Black Pond bushwhack became my favorite way to Owl’s Head, ever since the suffer-fest that was my first trip up that peak via Lincoln Brook Trail. Crossing thigh-deep water that was one single solitary degree above utterly, outrageously cold created a lasting memory. Even when my last summertime trip was in August, when I had no reason to fear a water crossing would be anything but entirely pedestrian, it was by the bushwhack.
Today, I didn’t turn left at the Black Pond junction. I carried on up the Franconia Brook Trail, which I hadn’t set foot on in a few years. In short, it was fun. I reconnected. I found things I probably didn’t notice the first time around. Though I never made it to Hellgate Brook, I made it past the first pond, and gazed upon the shoulder of Bondcliff. Thinking back, I was precisely in the place I gazed upon, looking down from West Bond last month; letting my eyes wander over the contours of the valley below, dreaming of what lay beneath the forest’s canopy. Powerful.
And now, there I was! I walked on old railway sleepers, imagining things as they were a century ago. I marveled at the men who thought a train should go so far into the wilderness, and then had the audacity to made it so. Just thinking of the sheer effort all that took… wow!
Trips have come to mind, where I didn’t get what I wanted. Too many times standing inside the ping-pong ball, robbed of a view. How many times up Carrigain without a view? But how many times up a mountain, thinking I’d get no reward, only to see something far greater? I’m still thinking of the red Columbine on Gunstock, or the butterflies on Cannon. Pink lady slippers, ghost pipes, blueberries. Tiger lilies near Tripyramid. An iris that I spied in Baxter State Park. Or the undercast on Jefferson. Pure magic.
Today, I walked across history. Times too numerous to count, I looked at the lay of the land, and saw how the trail was laid upon those abandoned railway beds. Every time I stepped over a drainage… whenever I saw a cut through a small slope. Those were the times when the labors of all those workers were acutely visible. There wasn’t a moment in between when I could forget them.
What of hiking without achieving a “goal?”
In Puccini’s opera La Boheme, there’s a scene in the first act where Rodolfo is totally gunning for Mimi’s affections. He doesn’t have two cents to rub together (he’s a Bohemian, right?) but as a poet, he’s quick to tell Mimi, he has riches in his hopes and dreams that are far greater than the gold held by any of the crowned heads of Europe.
That’s hiking, in a nutshell. The rewards are huge, even though intangible, and probably mostly when unexpected things happen. And those riches are so much more so than any pile of gold hidden in a Swiss vault, or buried under Smaug. I didn’t get what I’d planned, but I still walked away with what I wanted. Green colored gold, indeed.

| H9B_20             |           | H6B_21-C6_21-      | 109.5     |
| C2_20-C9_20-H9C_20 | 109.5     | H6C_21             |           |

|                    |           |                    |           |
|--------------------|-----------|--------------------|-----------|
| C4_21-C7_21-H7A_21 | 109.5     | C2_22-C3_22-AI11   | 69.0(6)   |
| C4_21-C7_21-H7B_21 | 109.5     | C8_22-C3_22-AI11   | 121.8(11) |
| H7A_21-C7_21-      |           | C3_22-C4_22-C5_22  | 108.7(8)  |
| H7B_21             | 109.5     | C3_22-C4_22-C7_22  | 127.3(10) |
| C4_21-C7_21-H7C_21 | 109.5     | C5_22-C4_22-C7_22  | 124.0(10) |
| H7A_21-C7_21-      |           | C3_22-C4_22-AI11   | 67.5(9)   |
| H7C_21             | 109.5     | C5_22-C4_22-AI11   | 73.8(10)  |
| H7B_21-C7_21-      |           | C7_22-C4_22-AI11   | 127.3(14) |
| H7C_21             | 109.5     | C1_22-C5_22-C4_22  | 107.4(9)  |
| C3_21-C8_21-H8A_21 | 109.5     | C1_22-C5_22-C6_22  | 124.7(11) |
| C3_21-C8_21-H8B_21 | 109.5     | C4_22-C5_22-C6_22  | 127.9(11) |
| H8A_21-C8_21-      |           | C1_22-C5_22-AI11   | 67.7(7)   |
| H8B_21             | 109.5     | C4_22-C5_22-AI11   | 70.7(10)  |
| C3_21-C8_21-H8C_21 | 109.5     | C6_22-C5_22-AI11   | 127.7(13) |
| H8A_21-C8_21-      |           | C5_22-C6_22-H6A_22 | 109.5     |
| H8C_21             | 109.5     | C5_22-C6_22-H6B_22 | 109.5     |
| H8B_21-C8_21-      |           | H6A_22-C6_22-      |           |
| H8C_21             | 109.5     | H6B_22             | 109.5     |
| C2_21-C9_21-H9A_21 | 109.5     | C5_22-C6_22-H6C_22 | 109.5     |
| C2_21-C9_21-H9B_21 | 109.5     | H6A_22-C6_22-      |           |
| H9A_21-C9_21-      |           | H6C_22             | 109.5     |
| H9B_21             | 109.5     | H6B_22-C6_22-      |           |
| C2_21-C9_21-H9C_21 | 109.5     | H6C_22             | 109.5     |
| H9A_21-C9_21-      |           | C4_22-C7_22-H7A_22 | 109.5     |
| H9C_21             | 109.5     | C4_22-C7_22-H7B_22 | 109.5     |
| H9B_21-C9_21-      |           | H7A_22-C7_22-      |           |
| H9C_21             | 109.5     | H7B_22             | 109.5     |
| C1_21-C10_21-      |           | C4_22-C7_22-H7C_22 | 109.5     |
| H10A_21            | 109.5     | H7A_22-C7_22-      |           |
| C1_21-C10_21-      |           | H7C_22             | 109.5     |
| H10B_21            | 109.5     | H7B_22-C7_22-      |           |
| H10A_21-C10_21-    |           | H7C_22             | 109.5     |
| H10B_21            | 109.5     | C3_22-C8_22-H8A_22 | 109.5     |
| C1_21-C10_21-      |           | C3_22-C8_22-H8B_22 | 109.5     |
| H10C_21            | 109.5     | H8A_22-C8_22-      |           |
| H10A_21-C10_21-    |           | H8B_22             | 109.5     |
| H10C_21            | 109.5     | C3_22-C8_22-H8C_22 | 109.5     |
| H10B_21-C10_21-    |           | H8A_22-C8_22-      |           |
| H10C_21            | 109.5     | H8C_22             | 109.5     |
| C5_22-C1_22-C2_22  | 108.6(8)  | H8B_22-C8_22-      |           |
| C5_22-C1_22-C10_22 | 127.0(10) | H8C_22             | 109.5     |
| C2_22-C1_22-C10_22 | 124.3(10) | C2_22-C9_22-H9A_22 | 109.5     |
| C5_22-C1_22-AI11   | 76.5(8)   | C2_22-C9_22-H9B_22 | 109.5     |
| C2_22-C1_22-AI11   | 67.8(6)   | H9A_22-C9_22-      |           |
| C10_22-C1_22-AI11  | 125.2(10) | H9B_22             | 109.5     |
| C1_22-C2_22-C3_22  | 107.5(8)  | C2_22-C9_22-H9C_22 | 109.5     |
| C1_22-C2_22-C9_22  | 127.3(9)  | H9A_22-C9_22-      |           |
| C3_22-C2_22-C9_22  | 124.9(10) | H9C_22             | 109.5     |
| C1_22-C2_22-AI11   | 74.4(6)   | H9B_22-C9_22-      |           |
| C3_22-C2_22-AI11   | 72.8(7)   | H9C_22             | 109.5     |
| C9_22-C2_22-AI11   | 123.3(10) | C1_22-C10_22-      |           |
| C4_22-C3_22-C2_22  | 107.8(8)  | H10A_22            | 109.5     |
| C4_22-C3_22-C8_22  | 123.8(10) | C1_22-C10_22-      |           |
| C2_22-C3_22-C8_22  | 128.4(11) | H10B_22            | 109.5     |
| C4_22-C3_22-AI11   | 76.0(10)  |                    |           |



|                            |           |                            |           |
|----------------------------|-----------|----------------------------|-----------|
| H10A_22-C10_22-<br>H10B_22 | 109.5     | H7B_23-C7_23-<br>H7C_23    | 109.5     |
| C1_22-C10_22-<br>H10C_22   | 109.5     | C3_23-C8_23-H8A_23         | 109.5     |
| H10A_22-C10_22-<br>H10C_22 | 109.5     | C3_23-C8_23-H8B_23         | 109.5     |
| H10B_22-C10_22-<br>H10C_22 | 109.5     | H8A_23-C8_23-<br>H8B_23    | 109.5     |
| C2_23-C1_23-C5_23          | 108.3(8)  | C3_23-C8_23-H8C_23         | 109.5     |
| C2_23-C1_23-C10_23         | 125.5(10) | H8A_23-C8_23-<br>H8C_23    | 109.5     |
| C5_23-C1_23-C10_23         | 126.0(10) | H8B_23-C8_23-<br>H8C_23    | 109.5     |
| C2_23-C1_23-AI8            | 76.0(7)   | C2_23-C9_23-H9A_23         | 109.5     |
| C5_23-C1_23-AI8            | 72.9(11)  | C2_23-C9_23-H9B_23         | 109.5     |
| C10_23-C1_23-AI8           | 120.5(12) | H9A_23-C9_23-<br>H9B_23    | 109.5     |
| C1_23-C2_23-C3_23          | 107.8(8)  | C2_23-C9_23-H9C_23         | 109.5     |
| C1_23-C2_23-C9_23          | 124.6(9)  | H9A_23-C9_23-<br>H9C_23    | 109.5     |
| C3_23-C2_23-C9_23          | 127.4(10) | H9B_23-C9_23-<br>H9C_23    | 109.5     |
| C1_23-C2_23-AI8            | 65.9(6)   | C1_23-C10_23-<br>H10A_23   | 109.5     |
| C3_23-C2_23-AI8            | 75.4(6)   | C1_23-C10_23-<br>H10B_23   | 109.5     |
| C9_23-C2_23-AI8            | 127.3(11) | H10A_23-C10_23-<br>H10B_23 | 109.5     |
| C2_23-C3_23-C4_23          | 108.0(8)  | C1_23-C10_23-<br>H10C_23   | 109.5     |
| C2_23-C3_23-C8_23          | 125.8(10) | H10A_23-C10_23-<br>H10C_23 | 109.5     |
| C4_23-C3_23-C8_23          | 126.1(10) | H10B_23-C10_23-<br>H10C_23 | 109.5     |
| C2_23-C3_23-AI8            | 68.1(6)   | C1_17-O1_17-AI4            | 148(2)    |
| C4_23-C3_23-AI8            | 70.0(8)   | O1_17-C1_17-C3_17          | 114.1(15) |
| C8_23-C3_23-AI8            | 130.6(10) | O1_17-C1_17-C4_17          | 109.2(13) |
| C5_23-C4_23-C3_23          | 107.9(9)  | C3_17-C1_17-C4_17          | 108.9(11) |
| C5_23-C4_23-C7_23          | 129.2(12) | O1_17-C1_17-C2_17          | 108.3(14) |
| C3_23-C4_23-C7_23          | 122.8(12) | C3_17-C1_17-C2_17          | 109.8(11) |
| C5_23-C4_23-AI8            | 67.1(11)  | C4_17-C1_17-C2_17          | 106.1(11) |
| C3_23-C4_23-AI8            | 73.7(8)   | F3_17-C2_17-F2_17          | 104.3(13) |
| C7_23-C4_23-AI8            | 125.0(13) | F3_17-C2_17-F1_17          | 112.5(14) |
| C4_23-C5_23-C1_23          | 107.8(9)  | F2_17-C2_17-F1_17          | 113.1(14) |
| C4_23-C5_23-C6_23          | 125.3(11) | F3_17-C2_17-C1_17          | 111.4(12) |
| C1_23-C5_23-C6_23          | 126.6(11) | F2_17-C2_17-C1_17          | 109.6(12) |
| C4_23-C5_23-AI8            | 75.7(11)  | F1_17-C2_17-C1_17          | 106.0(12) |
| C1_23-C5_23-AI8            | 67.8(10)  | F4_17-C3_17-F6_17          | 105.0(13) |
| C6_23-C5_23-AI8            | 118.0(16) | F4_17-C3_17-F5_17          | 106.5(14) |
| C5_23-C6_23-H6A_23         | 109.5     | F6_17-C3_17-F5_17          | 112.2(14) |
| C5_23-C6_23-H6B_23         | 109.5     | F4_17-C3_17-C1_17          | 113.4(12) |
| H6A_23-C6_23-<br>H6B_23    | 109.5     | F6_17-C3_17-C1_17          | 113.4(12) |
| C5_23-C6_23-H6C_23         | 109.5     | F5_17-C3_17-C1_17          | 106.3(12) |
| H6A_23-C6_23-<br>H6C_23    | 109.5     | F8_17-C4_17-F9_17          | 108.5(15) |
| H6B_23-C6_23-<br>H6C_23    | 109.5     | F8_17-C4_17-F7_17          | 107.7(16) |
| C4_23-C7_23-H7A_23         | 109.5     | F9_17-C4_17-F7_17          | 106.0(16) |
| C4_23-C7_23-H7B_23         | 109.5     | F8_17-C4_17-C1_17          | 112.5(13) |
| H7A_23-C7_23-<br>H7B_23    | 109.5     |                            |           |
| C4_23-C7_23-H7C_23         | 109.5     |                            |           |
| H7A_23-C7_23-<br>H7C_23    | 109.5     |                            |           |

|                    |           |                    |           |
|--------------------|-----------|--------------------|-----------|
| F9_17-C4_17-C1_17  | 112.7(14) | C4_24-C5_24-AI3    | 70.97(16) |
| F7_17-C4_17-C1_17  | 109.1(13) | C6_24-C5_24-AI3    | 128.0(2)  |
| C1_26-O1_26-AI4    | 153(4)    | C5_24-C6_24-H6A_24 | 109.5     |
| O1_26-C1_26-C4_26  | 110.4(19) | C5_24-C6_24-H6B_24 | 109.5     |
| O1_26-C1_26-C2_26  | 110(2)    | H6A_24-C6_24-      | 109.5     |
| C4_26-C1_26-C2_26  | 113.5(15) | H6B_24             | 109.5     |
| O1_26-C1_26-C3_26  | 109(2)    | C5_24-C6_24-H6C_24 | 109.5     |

As always, stay safe out there.
Nuts and Bolts: Lincoln Woods is about five miles down the Kancamagus Highway from Route 93. Take exit 32. Parking lot is on the left (north). Get there early on weekends, because the parking lot fills up fast.
Trailhead will be across the footbridge near the ranger station.
The hard part of the hike is the distance involved. Overall, the trail (or at least as much as I covered) was almost entirely on old railbeds. As such, there wasn’t any significant elevation change, and most of the terrain was very flat and unremarkable. That said, the further I got from Lincoln Woods, the more I experienced outright solitude. Past the footbridge over Franconia Brook, I might have crossed paths with about 8-10 people, tops. Self-sufficiency is a must out there.
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2 thoughts on “Trip Report: Trouble bruin near Franconia Brook? ”
I did a 2-day Zealand-Bonds traverse with my sister Thursday/Friday, and the caretaker at Guyot campsite was telling us about that bear at 13 Falls. And that hiker (I assume it’s the same one) told her bear story on a Facebook hiking group I’m in.
I found the Lincoln Woods Death March surprisingly enjoyable, particularly the old bits of RR infra like the old rail right where Bondcliff Trail comes down. My sister told me those were historic artifacts and we’re not supposed to disturb them, and I said “I am not disturbing a 40-foot length of railroad rail, it can stay right where it is.”
That hiker did indeed mention the FB group. Alas, I’m not on FB. Oh well. I hope it’s not curtains for the bear, but my suspicion is that it’s becoming habituated. I got the sense that this bear is really losing its fear of humans, and part of my decision to turn around was in not giving the bear one more reason to think people aren’t all that bad to be around.
I think I’d find the “death march” a lot more enjoyable in more clement weather. My beef with it last time was thigh-high water crossings in ice water. It went beyond cold into the realm of very painful. I waded across the Pemi last month and it wasn’t just pleasant, it was refreshing.
On the 40 foot length of rail, I’m positive there’s a college rugby team thinking “challenge accepted!”